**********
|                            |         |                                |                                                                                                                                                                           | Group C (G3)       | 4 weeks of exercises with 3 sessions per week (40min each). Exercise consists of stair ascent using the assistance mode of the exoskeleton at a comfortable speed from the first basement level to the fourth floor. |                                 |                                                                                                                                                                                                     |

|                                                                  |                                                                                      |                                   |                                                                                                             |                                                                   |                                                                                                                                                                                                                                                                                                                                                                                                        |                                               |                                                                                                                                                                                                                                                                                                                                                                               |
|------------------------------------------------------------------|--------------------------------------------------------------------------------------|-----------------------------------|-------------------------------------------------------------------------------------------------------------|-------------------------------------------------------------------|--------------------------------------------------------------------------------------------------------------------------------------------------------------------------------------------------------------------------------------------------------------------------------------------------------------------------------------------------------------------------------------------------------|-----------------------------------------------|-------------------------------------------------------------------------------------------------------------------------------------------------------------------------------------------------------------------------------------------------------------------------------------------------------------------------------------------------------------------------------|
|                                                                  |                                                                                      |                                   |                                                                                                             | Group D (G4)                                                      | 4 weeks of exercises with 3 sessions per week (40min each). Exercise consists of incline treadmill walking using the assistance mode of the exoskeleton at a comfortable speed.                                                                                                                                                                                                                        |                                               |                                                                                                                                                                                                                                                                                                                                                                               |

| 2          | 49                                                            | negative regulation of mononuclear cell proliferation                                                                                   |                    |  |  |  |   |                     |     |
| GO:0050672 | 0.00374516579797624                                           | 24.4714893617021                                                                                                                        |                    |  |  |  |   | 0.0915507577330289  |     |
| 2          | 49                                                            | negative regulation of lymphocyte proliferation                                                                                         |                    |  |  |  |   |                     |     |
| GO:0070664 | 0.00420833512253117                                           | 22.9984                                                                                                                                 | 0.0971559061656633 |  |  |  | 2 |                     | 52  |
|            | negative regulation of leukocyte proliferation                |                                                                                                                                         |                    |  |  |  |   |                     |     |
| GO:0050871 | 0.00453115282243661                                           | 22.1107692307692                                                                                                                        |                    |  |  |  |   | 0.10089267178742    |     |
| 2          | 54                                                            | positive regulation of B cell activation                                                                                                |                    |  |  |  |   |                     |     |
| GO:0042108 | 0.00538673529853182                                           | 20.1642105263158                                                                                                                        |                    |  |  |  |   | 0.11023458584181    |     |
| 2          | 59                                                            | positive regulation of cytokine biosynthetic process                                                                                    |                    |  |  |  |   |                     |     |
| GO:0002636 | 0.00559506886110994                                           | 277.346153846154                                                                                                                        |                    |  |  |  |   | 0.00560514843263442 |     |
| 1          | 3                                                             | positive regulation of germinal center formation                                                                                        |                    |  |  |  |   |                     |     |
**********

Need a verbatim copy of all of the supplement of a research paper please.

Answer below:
|                            |         |                                |                                                                                                                                                                           | Group C (G3)       | 4 weeks of exercises with 3 sessions per week (40min each). Exercise consists of stair ascent using the assistance mode of the exoskeleton at a comfortable speed from the first basement level to the fourth floor. |                                 |                                                                                                                                                                                                     |

|                                                                  |                                                                                      |                                   |                                                                                                             |                                                                   |                                                                                                                                                                                                                                                                                                                                                                                                        |                                               |                                                                                                                                                                                                                                                                                                                                                                               |
|------------------------------------------------------------------|--------------------------------------------------------------------------------------|-----------------------------------|-------------------------------------------------------------------------------------------------------------|-------------------------------------------------------------------|--------------------------------------------------------------------------------------------------------------------------------------------------------------------------------------------------------------------------------------------------------------------------------------------------------------------------------------------------------------------------------------------------------|-----------------------------------------------|-------------------------------------------------------------------------------------------------------------------------------------------------------------------------------------------------------------------------------------------------------------------------------------------------------------------------------------------------------------------------------|
|                                                                  |                                                                                      |                                   |                                                                                                             | Group D (G4)                                                      | 4 weeks of exercises with 3 sessions per week (40min each). Exercise consists of incline treadmill walking using the assistance mode of the exoskeleton at a comfortable speed.                                                                                                                                                                                                                        |                                               |                                                                                                                                                                                                                                                                                                                                                                               |

| 2          | 49                                                            | negative regulation of mononuclear cell proliferation                                                                                   |                    |  |  |  |   |                     |     |
| GO:0050672 | 0.00374516579797624                                           | 24.4714893617021                                                                                                                        |                    |  |  |  |   | 0.0915507577330289  |     |
| 2          | 49                                                            | negative regulation of lymphocyte proliferation                                                                                         |                    |  |  |  |   |                     |     |
| GO:0070664 | 0.00420833512253117                                           | 22.9984                                                                                                                                 | 0.0971559061656633 |  |  |  | 2 |                     | 52  |
|            | negative regulation of leukocyte proliferation                |                                                                                                                                         |                    |  |  |  |   |                     |     |
| GO:0050871 | 0.00453115282243661                                           | 22.1107692307692                                                                                                                        |                    |  |  |  |   | 0.10089267178742    |     |
| 2          | 54                                                            | positive regulation of B cell activation                                                                                                |                    |  |  |  |   |                     |     |
| GO:0042108 | 0.00538673529853182                                           | 20.1642105263158                                                                                                                        |                    |  |  |  |   | 0.11023458584181    |     |
| 2          | 59                                                            | positive regulation of cytokine biosynthetic process                                                                                    |                    |  |  |  |   |                     |     |
| GO:0002636 | 0.00559506886110994                                           | 277.346153846154                                                                                                                        |                    |  |  |  |   | 0.00560514843263442 |     |
| 1          | 3                                                             | positive regulation of germinal center formation                                                                                        |                    |  |  |  |   |                     |     |